On the Postposition of Conjunction in Penultimate Position of a Sequence
i bring you here and now one regular expression from my head about English the language and my hatred of natural languages of its incompetence of efficiency, power.
when in expressing a sequence of things, to wit: “i love equally blondes, redheads, brunettes”, it is often the norm to post-posit a conjunction at the penultimate item. So, one would say instead: “I love equally blondes, redheads, and brunettes”.
i recall when i first encountered this phenomenon in my English acquirement, some 2 decades ago, i noticed this being so annoying. Why do they have to say “1 2 and 3” instead of just the simple and clear “1 2 3”. Today, honestly, i find the norm with the conjunction actually natural and smooth, perhaps by over a decade of habituation of English. I find that such sentences sans the conjunction at the penultimate position actually a bit weird and unnatural as if lacking a punch line, and i have came up with justification or theory of why. That is, the conjunction provides a hint to the coming of the end.
however, in my fretful mind and logicality and efficiency and principle driven persona, i firmly believe that such penultimate conjunction is unnecessary and must be condemned. Because, as you can see from my theorization, it came naturally out of habituation. Without habituation, it wouldn't have been natural. A sequence sans conjunction will come just as natural and smooth by habituation.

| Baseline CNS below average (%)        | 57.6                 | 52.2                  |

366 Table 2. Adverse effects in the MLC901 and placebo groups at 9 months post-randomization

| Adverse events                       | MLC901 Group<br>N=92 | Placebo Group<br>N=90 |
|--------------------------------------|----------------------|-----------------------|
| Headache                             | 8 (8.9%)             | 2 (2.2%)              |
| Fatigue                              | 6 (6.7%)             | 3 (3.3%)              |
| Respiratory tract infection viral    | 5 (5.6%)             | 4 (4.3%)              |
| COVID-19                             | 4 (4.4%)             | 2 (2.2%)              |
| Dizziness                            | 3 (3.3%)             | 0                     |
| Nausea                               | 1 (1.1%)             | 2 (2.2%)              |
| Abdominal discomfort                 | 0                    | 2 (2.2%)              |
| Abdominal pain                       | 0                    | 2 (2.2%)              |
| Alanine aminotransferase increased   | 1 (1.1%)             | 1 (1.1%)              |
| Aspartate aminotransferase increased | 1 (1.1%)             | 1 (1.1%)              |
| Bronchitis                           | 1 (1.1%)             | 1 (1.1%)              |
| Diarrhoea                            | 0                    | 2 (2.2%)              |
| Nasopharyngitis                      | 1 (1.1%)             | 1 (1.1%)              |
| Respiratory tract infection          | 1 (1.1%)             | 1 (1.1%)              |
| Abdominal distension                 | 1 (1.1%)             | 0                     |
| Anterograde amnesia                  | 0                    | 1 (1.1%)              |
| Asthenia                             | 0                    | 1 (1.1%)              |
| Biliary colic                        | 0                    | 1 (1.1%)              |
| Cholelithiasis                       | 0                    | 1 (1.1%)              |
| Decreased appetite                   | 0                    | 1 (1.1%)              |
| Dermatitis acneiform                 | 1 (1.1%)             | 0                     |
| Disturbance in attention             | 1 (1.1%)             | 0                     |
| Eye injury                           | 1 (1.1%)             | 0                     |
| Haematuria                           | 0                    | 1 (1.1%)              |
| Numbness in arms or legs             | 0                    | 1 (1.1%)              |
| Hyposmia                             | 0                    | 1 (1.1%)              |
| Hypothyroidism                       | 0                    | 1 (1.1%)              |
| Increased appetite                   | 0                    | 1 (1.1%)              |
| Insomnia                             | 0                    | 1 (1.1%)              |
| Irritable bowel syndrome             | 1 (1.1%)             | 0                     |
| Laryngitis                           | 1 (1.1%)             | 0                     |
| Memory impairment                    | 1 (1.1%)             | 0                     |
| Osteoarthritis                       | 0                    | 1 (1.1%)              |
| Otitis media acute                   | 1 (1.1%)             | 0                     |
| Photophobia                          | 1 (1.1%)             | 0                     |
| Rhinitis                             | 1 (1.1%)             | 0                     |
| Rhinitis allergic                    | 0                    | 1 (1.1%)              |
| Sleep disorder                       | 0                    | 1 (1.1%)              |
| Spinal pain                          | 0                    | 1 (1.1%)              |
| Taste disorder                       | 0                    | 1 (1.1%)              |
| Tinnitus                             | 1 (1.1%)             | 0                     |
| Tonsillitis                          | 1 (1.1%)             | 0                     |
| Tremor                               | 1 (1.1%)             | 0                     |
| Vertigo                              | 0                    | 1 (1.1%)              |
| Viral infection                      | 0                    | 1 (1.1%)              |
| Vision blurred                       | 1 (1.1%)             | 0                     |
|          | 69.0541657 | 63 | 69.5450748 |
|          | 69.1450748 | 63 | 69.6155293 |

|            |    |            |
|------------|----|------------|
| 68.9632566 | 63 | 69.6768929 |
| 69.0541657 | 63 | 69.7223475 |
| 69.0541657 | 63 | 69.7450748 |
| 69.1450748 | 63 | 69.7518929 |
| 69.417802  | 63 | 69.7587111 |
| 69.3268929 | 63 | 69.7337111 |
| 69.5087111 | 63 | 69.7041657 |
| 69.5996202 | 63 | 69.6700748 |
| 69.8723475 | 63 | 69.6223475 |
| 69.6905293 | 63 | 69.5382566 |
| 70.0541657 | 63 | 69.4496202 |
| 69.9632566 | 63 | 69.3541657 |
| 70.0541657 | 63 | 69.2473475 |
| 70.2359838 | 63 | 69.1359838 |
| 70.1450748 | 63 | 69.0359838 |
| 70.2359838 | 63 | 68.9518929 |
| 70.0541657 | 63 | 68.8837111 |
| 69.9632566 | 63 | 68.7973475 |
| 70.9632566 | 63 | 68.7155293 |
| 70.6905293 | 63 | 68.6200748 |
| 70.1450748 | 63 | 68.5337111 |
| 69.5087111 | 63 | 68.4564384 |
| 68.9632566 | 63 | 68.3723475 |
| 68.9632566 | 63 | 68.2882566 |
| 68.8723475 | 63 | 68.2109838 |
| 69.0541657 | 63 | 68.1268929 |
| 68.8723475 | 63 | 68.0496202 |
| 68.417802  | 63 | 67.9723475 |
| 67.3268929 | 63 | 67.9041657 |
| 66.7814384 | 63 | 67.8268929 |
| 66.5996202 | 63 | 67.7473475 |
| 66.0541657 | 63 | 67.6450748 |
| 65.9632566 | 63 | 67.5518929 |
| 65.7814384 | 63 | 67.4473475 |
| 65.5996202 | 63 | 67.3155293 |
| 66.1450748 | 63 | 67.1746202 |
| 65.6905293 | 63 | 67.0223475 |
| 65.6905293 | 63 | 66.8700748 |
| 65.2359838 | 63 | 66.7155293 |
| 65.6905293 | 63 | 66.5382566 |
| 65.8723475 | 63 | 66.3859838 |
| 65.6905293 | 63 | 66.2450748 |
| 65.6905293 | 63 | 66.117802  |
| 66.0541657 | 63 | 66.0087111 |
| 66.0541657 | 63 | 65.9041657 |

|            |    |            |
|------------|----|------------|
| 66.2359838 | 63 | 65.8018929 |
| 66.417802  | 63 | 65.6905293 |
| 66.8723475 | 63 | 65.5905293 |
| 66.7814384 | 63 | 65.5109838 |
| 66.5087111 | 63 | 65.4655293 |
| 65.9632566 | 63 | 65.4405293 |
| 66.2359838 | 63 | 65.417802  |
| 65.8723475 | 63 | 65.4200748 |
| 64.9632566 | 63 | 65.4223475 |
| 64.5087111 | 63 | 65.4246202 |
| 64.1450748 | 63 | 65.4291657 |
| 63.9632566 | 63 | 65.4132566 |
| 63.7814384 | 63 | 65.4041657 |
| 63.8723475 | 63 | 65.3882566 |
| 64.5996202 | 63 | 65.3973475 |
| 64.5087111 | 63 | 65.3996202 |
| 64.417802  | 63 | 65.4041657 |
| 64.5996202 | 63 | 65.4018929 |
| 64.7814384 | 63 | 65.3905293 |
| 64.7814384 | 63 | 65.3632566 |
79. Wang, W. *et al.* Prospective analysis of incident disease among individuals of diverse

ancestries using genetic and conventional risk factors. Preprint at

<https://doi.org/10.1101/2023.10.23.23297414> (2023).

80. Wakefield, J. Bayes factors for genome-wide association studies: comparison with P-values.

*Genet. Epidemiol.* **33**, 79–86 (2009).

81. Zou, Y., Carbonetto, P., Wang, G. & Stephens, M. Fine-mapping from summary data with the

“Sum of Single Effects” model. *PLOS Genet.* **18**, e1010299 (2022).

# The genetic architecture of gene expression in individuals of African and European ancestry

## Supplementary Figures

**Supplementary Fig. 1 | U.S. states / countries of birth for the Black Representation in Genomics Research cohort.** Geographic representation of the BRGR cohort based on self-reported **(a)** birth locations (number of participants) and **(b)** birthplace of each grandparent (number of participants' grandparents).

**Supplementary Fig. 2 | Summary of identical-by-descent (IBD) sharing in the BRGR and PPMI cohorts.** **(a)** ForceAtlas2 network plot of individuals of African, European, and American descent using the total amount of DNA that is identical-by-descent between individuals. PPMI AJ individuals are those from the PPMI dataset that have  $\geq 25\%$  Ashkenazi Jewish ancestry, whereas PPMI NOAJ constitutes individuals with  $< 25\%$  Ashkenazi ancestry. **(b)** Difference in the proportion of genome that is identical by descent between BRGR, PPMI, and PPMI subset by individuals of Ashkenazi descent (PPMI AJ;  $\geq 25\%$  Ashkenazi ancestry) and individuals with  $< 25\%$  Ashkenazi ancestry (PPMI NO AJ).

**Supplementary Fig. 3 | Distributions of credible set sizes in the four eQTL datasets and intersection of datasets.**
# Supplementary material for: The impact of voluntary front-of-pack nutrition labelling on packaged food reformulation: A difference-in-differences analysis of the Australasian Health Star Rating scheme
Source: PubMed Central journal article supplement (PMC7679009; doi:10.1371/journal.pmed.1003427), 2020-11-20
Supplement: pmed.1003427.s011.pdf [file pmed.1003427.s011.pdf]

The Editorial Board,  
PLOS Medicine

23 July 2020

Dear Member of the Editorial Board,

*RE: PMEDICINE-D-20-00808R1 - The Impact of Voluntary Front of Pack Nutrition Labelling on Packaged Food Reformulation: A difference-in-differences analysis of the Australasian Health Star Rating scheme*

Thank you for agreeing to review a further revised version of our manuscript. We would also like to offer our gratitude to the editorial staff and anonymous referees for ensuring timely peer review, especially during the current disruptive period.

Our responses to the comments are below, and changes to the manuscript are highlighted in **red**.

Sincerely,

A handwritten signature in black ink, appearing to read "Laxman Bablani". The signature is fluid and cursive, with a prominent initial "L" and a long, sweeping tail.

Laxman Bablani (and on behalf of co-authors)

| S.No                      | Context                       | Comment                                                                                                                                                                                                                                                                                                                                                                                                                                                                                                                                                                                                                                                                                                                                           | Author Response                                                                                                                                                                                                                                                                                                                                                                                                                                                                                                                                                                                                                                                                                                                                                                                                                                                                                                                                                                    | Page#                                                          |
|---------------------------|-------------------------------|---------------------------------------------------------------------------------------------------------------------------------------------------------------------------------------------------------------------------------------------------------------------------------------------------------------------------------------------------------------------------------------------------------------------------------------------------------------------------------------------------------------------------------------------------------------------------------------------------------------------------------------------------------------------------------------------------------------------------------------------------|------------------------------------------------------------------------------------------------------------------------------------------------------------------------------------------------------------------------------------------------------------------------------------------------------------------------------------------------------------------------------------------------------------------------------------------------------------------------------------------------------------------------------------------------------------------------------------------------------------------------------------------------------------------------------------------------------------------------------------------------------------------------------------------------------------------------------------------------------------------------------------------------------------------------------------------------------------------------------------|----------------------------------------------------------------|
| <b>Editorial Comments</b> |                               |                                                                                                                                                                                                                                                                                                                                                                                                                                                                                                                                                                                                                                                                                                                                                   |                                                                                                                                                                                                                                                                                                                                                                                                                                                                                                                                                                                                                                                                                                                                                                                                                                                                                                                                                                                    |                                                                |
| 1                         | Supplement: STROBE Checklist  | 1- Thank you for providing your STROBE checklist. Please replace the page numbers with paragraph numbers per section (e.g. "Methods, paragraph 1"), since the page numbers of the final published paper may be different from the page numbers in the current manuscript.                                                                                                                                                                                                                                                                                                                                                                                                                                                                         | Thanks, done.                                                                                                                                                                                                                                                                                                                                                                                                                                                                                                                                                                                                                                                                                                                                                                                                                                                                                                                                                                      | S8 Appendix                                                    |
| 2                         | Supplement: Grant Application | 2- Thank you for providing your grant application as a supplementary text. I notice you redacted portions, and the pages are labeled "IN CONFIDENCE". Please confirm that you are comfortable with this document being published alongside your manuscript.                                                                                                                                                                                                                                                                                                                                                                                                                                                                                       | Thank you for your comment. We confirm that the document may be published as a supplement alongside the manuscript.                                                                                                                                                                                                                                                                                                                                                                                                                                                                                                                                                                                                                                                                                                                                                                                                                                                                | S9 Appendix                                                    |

and as being a thing of extraneousness, it therefore is a burden to efficiency with respect to communication. Therefore this being a addition of artillery against the congress of grammarians and academicians i despise.
comrades and comradresses, may i have your opinions, if you please?
PS: at the back of my mind i do have some doubt about my condemnation of the before last “and”. This is because i do not totally understand its origin. In Chinese for example, they also have similarly “1, 2, and 3”. Signifying the end of the sequence seems somehow needed in communication between human animals, probably acting as a embedded redundancy/error-checking function.
See also: English Writing Style: Oxford Comma and Strippers.